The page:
Climate change presentation Sept. 6
Aug. 22, 2017
“When people get sick and are running a fever, they typically trust the thermometer that measures their temperature. Yet some people don’t believe the thermometers that are taking the temperature of our atmosphere, our climate.”
That’s from Pam McVety, who will present The ABCs of Climate Change and Science: Facts You Can Count On at 6:30 p.m., Wednesday, Sept. 6, at the Nicolet College Theatre.
She recently retired after a 30-year career with the Florida Department of Environmental Protection where she worked as a marine biologist and ultimately a deputy secretary at the agency.
“My goal is to make the science of climate change understandable for people,” said McVety, who has spent at least a portion of every summer in the Northwoods for the past 40 years.
“Climate change is the most serious issue facing humanity. We are in a very difficult, life threatening situation and the window of opportunity to change the direction our climate is heading is shrinking rapidly.”
The rub comes from all of the carbon already in our atmosphere. It’s enough to keep the pendulum swinging towards a warmer and warmer planet for the foreseeable future.
The kicker is humans continue to dump tons upon tons of more carbon into the atmosphere every year, largely in the form of carbon dioxide from the burning of fossil fuels.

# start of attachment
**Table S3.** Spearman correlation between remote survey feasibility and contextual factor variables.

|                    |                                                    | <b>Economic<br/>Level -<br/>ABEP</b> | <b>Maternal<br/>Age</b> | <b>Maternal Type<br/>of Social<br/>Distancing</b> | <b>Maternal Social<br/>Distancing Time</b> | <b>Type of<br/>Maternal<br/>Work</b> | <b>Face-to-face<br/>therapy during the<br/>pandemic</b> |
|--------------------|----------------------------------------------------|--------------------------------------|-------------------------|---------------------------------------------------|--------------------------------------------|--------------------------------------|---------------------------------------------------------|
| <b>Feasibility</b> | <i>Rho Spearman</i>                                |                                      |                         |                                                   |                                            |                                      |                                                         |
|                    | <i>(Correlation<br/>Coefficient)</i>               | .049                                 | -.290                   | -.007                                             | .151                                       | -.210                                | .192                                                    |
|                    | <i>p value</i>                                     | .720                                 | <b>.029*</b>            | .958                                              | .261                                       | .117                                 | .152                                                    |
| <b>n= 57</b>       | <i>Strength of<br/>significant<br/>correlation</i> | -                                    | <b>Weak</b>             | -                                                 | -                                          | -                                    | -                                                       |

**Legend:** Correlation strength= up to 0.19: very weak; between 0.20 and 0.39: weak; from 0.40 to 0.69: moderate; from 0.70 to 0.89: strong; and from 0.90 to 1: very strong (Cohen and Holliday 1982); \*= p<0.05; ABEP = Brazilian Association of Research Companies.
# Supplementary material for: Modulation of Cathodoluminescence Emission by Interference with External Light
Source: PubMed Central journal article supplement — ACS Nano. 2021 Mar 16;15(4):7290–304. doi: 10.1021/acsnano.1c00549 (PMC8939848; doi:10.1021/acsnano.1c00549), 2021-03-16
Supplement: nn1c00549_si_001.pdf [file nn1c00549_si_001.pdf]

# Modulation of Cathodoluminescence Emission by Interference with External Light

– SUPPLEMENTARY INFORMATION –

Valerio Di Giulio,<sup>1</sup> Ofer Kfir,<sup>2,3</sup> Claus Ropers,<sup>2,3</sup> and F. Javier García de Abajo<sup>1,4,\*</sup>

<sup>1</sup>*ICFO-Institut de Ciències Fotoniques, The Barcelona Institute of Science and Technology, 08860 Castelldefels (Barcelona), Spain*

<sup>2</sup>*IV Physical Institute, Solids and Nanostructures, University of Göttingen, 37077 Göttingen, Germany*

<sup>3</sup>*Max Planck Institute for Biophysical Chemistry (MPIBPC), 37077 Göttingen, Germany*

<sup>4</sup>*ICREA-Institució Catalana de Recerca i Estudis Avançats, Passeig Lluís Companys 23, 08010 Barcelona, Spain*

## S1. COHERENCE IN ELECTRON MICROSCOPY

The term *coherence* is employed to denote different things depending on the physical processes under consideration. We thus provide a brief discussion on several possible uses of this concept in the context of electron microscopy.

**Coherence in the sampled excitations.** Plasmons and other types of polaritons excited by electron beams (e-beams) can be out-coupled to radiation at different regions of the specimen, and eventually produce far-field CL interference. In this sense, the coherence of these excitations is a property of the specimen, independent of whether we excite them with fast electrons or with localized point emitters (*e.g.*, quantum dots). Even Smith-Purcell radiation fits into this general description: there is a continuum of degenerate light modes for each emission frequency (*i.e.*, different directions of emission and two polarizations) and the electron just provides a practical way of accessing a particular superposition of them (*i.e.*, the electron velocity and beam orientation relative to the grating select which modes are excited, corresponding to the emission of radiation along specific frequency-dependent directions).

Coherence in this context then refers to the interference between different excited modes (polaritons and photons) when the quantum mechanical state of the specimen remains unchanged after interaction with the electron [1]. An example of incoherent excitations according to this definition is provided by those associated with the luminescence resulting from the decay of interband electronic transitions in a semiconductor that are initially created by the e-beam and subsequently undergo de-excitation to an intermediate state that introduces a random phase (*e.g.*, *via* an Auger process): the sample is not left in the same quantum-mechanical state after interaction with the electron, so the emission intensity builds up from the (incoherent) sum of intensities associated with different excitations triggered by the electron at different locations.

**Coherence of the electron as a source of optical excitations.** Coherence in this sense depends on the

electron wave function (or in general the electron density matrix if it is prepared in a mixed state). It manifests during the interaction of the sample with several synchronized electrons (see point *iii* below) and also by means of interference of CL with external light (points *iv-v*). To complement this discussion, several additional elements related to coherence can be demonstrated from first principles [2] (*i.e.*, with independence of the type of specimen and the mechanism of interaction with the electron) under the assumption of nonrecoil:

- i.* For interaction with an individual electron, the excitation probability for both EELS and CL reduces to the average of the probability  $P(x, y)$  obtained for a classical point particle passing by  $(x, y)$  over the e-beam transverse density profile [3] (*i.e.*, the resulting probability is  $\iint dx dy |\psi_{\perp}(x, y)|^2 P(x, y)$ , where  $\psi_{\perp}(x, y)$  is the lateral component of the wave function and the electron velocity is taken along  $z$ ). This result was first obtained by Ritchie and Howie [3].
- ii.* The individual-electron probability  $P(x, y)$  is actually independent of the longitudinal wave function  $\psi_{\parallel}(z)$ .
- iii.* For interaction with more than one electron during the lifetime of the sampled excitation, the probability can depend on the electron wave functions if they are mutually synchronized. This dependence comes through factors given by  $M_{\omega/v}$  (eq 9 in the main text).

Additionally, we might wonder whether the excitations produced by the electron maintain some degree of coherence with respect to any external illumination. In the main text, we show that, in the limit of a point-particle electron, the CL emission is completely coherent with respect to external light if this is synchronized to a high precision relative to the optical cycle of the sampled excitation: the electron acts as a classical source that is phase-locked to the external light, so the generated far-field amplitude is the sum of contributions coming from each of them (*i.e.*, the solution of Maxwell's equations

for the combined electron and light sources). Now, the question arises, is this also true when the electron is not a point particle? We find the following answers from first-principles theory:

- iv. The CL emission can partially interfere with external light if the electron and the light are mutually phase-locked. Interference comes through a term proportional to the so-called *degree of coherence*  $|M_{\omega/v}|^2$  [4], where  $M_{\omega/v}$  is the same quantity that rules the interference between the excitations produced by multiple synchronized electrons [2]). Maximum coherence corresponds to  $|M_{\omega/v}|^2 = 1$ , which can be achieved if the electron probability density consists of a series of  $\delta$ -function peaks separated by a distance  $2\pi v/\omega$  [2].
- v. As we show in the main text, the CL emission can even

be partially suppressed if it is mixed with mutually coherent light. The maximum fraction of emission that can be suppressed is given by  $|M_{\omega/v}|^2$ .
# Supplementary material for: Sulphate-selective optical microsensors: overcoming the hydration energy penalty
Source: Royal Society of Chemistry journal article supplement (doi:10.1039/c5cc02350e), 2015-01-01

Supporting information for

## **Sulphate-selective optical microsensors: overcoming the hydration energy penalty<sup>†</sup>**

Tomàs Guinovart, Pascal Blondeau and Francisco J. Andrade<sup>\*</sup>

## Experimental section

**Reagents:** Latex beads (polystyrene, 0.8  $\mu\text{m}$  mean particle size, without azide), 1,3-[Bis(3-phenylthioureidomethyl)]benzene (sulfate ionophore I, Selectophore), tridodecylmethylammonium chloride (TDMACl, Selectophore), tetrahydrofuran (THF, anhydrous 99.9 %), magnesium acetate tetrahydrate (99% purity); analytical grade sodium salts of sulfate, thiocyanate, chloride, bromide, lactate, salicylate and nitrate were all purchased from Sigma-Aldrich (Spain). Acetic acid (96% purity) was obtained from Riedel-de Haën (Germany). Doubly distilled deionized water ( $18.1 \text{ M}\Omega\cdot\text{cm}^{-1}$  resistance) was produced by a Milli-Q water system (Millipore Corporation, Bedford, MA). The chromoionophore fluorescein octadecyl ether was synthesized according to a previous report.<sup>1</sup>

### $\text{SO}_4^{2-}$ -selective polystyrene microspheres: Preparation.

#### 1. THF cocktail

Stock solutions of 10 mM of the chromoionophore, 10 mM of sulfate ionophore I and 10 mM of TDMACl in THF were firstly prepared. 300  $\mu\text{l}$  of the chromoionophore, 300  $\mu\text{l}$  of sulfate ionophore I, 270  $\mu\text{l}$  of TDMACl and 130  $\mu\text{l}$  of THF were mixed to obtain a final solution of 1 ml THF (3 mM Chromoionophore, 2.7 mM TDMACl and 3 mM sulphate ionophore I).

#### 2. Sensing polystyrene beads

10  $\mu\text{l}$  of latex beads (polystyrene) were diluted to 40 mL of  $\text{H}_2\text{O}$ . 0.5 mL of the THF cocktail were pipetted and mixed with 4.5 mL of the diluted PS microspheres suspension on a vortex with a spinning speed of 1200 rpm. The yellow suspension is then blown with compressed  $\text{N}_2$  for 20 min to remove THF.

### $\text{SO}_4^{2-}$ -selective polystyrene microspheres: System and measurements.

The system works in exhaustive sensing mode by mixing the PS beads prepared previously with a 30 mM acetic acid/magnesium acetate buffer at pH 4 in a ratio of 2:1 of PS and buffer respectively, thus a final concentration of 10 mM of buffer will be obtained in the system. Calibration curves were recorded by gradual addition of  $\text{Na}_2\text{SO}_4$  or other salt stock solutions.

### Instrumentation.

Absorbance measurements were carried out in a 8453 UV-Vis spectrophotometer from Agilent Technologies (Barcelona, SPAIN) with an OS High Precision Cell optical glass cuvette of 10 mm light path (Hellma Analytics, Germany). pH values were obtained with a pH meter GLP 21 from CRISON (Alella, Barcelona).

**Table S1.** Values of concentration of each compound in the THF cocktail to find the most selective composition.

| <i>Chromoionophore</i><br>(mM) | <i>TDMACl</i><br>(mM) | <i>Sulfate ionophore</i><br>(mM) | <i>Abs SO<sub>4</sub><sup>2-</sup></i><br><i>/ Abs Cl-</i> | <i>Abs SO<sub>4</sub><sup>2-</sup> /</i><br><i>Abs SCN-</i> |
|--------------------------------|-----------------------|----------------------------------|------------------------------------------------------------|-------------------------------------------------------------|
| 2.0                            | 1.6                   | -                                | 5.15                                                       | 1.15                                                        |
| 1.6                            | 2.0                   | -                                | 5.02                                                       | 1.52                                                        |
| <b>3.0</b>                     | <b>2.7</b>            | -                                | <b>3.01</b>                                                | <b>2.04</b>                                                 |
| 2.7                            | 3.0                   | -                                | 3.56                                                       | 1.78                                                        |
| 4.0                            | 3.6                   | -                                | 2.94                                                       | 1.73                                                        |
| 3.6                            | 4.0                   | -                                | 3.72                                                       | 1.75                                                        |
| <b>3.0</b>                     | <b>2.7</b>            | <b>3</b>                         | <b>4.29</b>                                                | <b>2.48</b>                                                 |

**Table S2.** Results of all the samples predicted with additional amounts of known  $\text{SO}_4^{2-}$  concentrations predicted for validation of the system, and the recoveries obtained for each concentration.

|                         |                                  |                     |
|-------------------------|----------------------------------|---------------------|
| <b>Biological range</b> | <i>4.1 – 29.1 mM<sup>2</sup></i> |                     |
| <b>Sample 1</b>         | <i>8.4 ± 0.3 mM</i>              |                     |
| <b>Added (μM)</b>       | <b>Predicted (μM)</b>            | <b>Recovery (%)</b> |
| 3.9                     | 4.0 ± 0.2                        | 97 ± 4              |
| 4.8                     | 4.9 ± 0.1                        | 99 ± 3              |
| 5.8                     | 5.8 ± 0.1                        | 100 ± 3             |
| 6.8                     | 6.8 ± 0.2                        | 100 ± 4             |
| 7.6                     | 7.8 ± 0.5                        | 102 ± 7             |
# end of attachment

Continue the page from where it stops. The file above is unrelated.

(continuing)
“Humans have the ability to change the entire climate of the earth and the real question is how long will this planet be conducive to hosting human life,” she said.
The subsequent sea level rise caused by warming temperatures and ice melt is already having dramatic, life-changing impact in many areas.
Streets in affluent Miami Beach now flood during spring high tides. An elaborate and expensive pumping system does what it can to remove the water.
Nearby coastal Louisiana is also experiencing significant flooding, “but many of the people who are affected in this area do not have the options people in Miami Beach have.”
Other areas around the world are experiencing deadly heat and back-to-back droughts.
“There are millions of people, primarily the poor and impoverished, who can’t adapt to this new reality. They don’t have the means to move from areas of repeated flooding, severe drought, or extreme heat.”
So far the impact in the Northwoods hasn’t been nearly as dramatic. The decline of white birch trees in the region can be attributed to warming temperatures, she said.
Lake temperatures are also warming, creating conditions more beneficial to bass than walleye and other species in the pike family that prefer cooler temperatures.
During her presentation, McVety will also talk about actions people can take as individuals.
“Once people understand how harmful and irreversible climate change is my hope is that they will act,” she said.
Sponsored by the Oneida and Vilas County Chapter of the Citizen’s Climate Lobby and the Nicolet College Sustainability Professional Learning Community, the presentation is part of the Our Changing World Series at the college.
Other upcoming presentations include Adapting Forest Management to a Changing Climate Oct. 11 and a screening and discussion Nov. 7 of the film Chasing Coral, winner of best documentary at the Sundance Film Festival.
All presentations in the Our Changing World series are free and open to the public.